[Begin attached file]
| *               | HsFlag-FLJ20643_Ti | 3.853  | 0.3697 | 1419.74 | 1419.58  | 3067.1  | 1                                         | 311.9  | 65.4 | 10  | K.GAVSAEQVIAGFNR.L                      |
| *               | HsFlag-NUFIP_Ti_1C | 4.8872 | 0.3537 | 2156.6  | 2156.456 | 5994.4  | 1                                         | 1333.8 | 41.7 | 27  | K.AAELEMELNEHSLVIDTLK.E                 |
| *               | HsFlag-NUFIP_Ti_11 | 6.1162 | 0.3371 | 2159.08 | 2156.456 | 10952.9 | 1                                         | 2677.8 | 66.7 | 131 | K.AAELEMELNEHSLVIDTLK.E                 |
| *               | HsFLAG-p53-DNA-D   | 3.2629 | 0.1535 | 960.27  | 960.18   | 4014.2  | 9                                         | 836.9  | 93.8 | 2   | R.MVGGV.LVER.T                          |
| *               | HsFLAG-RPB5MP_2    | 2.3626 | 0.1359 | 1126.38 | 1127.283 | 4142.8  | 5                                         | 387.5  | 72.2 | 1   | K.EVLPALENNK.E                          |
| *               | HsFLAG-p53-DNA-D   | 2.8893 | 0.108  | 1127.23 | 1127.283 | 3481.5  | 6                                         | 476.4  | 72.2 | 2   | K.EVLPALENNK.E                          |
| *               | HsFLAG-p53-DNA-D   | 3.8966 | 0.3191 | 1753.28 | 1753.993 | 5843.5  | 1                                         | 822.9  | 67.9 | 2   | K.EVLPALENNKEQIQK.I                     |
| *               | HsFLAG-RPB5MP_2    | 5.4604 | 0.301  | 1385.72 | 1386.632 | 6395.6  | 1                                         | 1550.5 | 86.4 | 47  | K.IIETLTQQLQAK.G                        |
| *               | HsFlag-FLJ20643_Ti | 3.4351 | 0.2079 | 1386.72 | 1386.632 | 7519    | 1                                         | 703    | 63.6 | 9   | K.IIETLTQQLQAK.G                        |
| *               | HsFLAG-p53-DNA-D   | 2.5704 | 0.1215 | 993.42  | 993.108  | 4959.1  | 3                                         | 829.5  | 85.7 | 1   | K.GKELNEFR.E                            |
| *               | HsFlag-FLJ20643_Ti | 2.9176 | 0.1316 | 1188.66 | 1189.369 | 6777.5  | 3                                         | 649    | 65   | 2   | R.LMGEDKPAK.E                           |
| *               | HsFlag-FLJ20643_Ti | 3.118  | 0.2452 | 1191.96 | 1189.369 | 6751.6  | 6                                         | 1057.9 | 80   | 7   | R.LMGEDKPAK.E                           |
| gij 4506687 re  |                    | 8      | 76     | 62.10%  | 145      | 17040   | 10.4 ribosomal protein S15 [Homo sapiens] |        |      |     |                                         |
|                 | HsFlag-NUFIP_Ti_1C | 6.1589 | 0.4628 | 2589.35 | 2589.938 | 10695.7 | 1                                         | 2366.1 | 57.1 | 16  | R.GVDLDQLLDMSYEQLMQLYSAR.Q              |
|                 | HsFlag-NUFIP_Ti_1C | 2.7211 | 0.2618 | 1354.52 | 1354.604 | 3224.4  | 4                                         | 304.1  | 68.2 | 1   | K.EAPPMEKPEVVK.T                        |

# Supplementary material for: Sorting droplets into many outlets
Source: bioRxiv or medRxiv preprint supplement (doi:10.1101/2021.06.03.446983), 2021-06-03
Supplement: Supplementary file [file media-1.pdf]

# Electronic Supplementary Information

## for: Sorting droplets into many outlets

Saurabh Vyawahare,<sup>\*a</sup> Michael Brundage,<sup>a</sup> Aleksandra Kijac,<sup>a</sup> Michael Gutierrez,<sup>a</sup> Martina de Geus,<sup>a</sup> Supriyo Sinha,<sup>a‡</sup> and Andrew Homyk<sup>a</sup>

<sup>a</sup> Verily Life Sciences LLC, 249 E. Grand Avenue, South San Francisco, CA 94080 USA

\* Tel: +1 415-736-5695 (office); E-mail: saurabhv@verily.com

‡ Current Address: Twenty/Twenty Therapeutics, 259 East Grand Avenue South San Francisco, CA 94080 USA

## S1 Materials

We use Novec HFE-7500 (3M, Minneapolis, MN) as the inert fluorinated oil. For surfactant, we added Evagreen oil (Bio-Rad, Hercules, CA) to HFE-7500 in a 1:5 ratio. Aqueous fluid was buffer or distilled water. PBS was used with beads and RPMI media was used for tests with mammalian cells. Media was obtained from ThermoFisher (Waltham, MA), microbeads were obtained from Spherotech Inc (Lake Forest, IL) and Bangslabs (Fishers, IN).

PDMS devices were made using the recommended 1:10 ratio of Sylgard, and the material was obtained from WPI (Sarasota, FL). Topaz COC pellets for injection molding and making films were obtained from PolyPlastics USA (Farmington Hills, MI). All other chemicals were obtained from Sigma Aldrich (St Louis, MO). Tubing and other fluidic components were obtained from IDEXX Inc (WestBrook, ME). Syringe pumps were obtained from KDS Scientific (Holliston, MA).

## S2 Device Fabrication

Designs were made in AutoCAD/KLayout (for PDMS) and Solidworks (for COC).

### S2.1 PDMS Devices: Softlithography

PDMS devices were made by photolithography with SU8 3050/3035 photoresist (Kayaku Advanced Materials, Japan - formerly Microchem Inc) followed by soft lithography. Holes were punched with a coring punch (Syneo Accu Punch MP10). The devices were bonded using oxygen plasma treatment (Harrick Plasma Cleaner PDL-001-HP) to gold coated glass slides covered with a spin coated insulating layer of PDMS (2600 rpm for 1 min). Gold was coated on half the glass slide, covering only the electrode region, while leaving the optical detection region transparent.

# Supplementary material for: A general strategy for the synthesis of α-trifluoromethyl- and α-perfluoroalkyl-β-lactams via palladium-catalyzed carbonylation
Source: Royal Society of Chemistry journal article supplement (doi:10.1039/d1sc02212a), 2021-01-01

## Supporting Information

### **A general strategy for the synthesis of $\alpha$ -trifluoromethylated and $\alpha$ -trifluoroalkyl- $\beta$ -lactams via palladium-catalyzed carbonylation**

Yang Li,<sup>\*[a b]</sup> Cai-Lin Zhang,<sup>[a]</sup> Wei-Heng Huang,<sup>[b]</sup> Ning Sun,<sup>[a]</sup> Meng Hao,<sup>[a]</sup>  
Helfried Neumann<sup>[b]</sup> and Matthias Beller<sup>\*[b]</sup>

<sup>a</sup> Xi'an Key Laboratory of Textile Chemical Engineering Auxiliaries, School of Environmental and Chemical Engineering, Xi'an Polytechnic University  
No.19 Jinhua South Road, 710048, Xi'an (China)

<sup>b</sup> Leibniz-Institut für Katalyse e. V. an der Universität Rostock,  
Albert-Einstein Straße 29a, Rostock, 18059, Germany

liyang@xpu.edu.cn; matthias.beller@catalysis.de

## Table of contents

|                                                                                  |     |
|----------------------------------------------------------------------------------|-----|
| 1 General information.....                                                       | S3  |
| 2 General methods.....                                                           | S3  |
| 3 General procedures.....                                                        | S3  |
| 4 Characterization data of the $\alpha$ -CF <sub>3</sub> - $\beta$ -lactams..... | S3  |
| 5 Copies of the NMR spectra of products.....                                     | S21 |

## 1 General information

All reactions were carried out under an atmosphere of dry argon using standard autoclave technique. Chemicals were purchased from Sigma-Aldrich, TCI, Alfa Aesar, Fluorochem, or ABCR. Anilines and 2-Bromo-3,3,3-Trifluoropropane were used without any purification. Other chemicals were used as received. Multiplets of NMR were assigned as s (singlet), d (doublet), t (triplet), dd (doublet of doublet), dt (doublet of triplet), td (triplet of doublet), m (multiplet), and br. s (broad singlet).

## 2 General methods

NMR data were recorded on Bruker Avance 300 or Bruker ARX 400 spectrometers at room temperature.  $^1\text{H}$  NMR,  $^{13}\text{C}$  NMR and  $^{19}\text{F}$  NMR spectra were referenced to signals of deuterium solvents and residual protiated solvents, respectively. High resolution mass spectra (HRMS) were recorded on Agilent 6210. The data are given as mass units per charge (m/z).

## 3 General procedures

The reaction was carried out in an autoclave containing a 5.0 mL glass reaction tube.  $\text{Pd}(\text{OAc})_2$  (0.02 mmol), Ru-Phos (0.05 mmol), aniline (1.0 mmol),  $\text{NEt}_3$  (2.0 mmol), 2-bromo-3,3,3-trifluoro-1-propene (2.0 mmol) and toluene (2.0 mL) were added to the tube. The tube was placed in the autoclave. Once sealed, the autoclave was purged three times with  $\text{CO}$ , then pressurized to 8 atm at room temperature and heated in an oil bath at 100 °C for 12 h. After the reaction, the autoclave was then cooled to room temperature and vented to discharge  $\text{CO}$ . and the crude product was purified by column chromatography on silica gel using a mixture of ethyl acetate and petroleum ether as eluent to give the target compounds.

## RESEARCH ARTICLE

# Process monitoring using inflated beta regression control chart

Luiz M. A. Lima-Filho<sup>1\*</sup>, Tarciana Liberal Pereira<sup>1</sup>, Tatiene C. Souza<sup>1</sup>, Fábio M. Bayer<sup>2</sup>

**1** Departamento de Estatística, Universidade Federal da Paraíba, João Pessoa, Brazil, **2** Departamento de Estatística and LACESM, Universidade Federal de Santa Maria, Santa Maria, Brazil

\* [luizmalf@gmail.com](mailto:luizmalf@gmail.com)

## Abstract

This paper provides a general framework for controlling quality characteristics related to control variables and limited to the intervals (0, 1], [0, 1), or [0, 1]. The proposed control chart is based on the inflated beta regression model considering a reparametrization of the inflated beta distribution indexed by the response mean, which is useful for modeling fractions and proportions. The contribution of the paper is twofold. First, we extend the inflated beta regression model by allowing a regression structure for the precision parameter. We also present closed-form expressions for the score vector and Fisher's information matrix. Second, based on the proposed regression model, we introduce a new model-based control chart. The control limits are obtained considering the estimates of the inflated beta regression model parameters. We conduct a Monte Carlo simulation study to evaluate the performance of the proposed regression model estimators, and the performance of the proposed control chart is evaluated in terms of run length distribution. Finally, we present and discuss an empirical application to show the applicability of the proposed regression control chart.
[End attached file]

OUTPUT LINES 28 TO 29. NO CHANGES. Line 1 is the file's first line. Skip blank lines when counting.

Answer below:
## S2 Device Fabrication

Designs were made in AutoCAD/KLayout (for PDMS) and Solidworks (for COC).